In a one of its kind research, it has been found that junk food and soda aren’t the root cause of obesity epidemic in America. According to a new health study conducted by Cornell University researchers, consumption of fast food, soda and candy is not the leading cause of obesity in the United States. The research team claims that Americans’ overall eating habits, particularly the amount of food consumed, is to be blamed, reported TechTimes.
For the purpose of the study, Cornell researchers used the 2007-2008 National Health and Nutrition Examination Survey to analyze a sample of about 6,000 American adults.
The study found that consumption of soda, candy, and junk food was not linked to weight gain for 95 percent of the population. Only extremely thin people and morbidly obese people were found to have a BMI that was directly correlated with their consumption of fast food.
The results revealed that the majority of overweight people and obese people in the United States did not consume an inordinate amount of soda, sweets, or fast food compared to people that had a normal body weight, according to Examiner.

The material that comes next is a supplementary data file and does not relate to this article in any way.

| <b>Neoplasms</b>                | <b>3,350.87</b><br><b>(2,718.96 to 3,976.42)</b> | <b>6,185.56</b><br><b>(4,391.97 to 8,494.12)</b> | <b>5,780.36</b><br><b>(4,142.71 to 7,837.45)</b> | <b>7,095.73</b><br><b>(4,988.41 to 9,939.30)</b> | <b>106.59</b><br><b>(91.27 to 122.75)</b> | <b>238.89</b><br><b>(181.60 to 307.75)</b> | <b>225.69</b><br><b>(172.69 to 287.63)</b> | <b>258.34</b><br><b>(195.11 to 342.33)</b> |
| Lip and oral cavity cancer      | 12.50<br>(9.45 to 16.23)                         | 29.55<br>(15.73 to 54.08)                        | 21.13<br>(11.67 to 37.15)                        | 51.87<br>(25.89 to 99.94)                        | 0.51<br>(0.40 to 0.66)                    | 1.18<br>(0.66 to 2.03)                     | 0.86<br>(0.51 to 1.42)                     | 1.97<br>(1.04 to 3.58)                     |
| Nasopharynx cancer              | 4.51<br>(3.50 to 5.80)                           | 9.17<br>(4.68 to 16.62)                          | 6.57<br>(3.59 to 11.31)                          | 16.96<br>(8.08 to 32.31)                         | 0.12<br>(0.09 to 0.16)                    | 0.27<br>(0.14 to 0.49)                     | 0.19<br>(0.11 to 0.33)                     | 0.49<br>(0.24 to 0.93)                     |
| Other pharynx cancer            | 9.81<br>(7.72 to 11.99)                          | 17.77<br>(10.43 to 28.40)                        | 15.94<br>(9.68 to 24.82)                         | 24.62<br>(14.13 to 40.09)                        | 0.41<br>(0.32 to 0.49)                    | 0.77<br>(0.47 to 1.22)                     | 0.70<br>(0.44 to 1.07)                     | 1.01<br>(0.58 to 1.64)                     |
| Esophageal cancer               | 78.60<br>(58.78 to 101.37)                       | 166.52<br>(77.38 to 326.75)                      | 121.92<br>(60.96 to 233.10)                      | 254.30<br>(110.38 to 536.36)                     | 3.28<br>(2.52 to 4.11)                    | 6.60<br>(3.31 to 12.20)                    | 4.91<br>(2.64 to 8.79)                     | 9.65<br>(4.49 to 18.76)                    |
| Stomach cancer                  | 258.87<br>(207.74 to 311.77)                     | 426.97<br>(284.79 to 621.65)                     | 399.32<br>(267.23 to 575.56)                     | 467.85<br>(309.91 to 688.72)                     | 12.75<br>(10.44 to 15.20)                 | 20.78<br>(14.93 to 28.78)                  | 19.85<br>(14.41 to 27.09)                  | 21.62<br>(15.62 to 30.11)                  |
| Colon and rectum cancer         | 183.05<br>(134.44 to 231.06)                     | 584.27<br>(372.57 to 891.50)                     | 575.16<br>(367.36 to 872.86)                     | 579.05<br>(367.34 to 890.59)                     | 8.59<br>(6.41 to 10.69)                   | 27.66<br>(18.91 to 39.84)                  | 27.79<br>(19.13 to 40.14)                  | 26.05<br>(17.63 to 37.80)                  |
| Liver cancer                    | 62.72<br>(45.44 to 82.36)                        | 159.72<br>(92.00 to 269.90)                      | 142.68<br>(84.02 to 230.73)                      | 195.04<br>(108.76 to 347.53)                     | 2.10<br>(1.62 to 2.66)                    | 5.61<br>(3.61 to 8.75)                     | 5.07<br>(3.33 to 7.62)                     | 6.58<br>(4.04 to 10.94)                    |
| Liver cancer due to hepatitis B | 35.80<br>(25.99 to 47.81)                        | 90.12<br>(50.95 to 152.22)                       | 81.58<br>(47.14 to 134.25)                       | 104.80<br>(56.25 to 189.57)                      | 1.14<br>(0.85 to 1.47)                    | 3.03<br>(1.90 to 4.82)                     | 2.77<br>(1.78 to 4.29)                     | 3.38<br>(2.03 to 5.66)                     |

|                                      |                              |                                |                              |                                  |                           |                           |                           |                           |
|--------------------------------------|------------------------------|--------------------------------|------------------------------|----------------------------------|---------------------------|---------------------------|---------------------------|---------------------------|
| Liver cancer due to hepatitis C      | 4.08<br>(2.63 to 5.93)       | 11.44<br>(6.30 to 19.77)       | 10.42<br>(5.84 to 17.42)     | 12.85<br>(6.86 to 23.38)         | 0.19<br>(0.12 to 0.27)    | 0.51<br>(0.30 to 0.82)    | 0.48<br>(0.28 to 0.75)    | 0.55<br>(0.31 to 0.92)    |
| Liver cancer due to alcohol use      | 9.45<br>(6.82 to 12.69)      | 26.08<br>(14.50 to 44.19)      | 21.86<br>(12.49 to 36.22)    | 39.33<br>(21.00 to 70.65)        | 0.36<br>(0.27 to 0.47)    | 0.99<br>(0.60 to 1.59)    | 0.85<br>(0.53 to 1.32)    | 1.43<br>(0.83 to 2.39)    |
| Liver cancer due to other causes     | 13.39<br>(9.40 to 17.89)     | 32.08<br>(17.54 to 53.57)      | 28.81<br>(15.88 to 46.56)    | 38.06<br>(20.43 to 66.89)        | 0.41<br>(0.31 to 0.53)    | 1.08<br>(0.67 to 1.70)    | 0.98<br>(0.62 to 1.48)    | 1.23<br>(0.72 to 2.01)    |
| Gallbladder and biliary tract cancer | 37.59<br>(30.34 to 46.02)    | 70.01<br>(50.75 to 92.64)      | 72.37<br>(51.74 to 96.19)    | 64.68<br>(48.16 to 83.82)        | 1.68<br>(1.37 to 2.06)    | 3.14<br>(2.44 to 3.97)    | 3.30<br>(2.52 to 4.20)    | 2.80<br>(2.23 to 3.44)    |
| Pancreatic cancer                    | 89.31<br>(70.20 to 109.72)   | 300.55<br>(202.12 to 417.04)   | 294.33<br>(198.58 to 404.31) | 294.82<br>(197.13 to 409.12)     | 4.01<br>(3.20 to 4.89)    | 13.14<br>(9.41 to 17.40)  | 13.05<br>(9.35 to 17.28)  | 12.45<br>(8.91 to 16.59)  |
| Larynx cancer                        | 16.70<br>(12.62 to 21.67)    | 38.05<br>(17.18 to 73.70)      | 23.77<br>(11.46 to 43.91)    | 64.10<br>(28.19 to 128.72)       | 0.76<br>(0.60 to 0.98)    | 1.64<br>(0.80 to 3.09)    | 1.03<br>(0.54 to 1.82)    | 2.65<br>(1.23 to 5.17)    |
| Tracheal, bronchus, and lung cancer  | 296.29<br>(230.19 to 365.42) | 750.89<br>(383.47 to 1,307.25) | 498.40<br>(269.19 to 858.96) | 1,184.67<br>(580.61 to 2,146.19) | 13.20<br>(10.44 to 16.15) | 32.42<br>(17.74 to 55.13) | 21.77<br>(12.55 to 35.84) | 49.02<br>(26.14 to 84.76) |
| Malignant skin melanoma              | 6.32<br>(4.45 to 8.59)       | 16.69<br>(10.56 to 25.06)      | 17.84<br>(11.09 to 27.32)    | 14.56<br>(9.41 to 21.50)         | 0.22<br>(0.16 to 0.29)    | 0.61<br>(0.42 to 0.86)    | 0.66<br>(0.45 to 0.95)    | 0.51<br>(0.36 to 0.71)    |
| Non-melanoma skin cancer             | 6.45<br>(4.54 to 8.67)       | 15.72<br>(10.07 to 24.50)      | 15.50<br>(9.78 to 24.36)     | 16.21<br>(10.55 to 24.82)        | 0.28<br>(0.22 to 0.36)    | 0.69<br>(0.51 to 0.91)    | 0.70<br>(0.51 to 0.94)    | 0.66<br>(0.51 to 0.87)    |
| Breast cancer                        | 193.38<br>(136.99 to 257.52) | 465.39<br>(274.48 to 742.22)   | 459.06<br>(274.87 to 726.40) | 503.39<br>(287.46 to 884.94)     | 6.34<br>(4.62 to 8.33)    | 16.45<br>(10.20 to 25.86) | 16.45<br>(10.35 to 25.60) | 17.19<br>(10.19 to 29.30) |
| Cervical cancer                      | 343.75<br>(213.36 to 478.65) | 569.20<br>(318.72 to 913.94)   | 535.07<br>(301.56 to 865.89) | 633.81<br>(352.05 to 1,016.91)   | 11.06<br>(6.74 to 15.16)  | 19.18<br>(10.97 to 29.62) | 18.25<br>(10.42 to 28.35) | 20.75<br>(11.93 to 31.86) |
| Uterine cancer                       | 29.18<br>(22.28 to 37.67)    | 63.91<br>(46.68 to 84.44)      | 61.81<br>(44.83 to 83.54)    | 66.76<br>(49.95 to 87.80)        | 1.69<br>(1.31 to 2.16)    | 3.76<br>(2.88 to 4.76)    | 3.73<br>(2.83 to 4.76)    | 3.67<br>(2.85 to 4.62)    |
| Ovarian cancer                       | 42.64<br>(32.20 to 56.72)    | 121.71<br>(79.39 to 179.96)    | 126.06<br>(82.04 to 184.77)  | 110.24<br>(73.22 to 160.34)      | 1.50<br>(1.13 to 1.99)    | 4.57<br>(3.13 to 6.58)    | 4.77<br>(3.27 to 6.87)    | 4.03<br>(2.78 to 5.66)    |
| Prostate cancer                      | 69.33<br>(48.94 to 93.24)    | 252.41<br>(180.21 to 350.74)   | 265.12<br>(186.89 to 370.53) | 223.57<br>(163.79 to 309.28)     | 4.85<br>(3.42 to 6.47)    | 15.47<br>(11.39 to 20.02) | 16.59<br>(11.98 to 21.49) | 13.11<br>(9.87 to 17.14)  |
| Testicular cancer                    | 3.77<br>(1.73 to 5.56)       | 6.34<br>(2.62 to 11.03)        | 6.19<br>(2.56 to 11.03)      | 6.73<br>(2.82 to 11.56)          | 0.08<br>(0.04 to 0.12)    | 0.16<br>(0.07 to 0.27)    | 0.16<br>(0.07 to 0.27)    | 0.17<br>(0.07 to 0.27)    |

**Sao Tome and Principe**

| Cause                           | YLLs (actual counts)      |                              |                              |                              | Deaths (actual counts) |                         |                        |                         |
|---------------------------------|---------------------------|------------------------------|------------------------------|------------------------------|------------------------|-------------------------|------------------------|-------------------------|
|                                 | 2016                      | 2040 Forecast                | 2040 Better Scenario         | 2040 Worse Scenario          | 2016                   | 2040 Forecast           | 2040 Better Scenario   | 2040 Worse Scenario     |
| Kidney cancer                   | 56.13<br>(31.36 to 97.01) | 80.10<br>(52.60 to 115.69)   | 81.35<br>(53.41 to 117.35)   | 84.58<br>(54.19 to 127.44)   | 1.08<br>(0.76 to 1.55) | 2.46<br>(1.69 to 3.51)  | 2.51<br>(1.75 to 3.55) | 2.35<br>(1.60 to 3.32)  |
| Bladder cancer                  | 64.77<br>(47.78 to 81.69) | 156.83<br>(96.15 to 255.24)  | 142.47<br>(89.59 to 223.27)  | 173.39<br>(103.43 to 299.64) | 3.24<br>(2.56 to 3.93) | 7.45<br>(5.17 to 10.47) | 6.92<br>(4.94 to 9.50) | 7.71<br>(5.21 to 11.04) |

The main issue was an imbalance between the amount of food Americans consume and how little they exercise, the researchers noted.
“These are foods that are clearly bad for you, and if you eat too much of them, they will make you fat, but it doesn’t appear to be the main driver that is making people overweight and obese,” said lead researcher David Just, co-director of the Cornell Center for Behavioral Economics in Ithaca, New York.
“For 95% of the country, there is no relationship between how much fast food and junk food they’re eating and their weight,” Just said.
“Because of the bad habits we have, with all our food, just eliminating junk food is not going to do anything.”
But this doesn’t mean that eating junk food is good for health. “These foods aren’t good for you,” he said. “There is no good argument for soda in your diet.”
The study was published in the October edition of the journal Obesity Science & Practice.